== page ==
Earlier this week, a friend of mine, Maria, raised her hand in class during our theater class. She often asks questions, being a very curious person, so I didn't think anything of it. Then she asked a question that has had me thinking for days:

What does "stamina" mean?

Maria's second language is English, so it totally makes sense how this is a weird concept to her. Someone else in class raised their hand in response, "think of it like a health bar in a video game; it is how much you have left to get what you want", Jake said. She said she understood and we moved on. Supposedly, according to her, there isn't really an equivalent in Spanish. That obviously means that there are words in Spanish that don't have an American translation.

For instance, "sobremesa" is the time after a meal has been finished, but everyone remains at the table to talk, or "Estrenar", when you wear something for the first time. Words that we don't think need to be words, but make perfect sense. So later, I told Maria that her question was endlessly fascinating to me, and I thought a lot about how differently we were raised and our cultures. Maria went on about "stamina".

She said that she thought that her stamina was love. It had never been used in that context before. That made absolutely no sense to me. I nodded my head, slightly confused. But why was she wrong? She wasn't. The amount of love she has for something determines how hard she will fight to get it.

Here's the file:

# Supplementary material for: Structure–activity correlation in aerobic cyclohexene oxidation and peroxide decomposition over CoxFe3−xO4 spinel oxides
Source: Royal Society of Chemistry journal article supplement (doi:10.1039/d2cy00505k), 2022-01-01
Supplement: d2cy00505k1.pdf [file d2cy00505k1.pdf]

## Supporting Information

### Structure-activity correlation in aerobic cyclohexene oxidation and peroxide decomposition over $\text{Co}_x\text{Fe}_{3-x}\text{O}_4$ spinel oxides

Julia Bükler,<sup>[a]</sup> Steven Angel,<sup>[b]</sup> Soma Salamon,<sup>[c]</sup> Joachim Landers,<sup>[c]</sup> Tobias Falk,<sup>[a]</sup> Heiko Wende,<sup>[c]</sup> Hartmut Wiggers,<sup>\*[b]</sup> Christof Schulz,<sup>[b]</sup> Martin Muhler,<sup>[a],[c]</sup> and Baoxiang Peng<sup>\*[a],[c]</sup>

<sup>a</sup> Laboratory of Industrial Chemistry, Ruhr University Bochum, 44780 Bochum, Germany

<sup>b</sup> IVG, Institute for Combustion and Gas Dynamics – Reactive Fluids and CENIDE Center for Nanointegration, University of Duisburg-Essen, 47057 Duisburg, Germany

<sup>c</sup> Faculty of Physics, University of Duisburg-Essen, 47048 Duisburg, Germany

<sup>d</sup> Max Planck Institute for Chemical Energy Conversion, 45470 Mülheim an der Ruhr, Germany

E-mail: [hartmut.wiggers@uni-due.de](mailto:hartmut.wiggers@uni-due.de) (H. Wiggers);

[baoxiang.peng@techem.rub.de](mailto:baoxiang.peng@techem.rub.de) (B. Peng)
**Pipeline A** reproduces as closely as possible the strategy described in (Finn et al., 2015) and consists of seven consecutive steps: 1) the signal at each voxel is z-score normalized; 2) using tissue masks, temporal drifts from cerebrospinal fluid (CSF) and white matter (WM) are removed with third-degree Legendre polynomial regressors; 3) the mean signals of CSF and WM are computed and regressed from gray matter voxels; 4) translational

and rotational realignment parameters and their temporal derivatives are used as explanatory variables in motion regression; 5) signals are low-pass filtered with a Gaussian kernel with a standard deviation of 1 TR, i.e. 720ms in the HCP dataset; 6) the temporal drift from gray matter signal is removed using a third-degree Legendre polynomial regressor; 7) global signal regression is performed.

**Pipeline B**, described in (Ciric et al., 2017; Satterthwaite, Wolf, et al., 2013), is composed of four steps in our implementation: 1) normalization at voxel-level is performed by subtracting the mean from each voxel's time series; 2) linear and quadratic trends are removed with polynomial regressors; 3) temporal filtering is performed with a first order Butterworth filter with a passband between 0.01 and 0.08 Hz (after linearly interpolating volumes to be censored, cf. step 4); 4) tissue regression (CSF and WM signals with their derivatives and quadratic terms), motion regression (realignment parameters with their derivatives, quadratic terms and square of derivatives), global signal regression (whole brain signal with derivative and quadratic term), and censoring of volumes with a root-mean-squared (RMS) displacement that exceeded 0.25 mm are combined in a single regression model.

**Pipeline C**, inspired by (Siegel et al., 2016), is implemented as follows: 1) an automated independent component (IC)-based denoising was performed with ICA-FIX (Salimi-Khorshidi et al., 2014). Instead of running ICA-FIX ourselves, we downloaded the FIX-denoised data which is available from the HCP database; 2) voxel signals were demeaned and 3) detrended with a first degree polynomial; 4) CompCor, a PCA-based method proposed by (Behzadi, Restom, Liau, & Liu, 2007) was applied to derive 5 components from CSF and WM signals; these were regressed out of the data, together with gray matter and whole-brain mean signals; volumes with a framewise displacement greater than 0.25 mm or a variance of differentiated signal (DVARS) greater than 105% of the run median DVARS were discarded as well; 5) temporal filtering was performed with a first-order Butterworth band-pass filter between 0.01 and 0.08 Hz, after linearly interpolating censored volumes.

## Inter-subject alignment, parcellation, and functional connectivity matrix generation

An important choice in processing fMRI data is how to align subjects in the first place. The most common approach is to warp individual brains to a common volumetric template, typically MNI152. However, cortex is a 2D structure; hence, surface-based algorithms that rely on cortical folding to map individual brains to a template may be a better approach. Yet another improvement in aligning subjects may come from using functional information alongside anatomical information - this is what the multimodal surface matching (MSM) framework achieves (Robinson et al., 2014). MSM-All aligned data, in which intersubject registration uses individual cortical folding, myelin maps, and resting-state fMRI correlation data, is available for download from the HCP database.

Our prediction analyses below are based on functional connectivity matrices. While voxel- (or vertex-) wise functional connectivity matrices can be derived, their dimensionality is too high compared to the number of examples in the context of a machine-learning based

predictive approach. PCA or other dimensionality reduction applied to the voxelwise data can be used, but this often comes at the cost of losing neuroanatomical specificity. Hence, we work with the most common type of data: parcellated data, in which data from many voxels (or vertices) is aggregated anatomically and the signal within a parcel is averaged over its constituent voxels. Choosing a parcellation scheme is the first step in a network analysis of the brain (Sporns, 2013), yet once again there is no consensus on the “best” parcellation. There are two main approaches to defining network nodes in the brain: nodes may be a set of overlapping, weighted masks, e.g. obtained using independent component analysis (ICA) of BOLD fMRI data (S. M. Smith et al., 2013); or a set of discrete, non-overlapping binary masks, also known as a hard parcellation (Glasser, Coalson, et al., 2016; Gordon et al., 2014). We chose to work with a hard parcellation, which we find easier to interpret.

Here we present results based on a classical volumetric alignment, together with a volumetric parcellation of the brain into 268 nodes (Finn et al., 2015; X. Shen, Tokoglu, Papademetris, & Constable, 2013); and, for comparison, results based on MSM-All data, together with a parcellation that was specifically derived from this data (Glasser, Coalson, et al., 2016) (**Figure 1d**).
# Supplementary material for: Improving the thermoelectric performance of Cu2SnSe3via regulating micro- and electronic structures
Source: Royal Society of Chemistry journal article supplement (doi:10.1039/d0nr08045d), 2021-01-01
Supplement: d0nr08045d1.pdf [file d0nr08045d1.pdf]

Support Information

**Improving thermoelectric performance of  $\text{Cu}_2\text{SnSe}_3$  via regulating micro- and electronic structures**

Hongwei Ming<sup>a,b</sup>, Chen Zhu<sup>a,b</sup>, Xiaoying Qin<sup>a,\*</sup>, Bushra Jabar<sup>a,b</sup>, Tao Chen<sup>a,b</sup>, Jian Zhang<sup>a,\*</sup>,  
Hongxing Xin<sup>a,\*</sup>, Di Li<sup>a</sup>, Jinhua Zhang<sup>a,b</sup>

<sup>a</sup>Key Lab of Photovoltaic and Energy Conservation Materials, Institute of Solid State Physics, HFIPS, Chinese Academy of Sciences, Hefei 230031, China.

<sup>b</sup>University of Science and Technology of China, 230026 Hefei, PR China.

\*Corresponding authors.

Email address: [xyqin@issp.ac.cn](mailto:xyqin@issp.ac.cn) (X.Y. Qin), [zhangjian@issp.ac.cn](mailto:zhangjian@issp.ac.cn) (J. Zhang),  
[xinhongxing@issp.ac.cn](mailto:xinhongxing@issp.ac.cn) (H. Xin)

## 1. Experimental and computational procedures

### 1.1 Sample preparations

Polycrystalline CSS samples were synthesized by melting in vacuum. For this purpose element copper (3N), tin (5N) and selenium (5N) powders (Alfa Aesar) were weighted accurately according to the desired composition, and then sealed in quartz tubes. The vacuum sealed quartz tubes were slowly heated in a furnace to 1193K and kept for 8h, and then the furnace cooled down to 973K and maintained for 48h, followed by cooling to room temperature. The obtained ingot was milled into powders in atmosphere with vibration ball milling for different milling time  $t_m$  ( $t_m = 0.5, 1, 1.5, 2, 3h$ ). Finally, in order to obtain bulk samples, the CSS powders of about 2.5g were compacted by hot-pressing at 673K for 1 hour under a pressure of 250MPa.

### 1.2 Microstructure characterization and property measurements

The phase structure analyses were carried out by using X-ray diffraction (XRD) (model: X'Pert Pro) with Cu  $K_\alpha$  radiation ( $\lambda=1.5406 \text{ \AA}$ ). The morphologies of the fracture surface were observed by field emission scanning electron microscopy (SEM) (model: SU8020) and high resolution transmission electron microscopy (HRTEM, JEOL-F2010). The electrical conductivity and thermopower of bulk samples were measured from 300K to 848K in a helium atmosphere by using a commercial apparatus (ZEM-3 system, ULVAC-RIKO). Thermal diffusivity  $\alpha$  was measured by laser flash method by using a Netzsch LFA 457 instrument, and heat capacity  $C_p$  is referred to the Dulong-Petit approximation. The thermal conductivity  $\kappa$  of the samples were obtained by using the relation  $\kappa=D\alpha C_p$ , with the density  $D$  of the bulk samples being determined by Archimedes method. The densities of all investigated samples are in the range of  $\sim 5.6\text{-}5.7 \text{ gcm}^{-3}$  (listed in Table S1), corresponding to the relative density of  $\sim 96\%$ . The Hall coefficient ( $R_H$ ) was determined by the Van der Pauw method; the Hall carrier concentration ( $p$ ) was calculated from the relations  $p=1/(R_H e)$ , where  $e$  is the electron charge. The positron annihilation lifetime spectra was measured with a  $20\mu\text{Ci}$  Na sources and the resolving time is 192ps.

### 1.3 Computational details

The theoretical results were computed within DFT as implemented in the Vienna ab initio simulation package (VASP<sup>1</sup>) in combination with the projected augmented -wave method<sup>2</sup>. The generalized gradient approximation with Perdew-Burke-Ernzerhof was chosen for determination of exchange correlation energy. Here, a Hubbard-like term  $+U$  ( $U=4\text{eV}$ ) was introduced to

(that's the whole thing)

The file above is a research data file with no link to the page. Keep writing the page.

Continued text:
As unintentionally poetic as she was, Maria got me thinking about what my stamina is. That's my biggest problem, I think. I don't really know what my stamina is. I know what I want to do, and I know that it makes me happy, so I do it. That's it. I have no idea why it makes me happy. Maybe there is some word in some other language that describes it, but all I know is the feeling. The English language lacks too much for me to adequately describe why I do what I do.

If I were to describe myself with the most precise words, I'd be a Luftmensch (Yiddish for "social misfit") with a bit of a Backpfeifengesicht (German for "punchable face"). But outside of the obvious, think about how many words are needed in the English language. The Inuit have a word, one of my favorite, that describes the moment when two people want something, but are both too afraid to go after it: Iktsuarpok.

A big problem of mine is that even though I don't know, I have become uncurious. Lots of people have, though. I spent a large portion of my life struggling with religion and purpose: "why do I do it?", "what is the purpose of life?", and much more existential mumbo-jumbo. But, for some reason, I stopped. I found out what made me happy, and I focused on it so much that I forgot to question these realities. Is it stupid to dwell on a question that cannot be answered? Sure. But that doesn't mean I should stop being curious.

I am very thankful for Maria not being from here, because it reminded me to stay curious. We should all stay curious. You can be too young to teach, but you can never be too old to learn.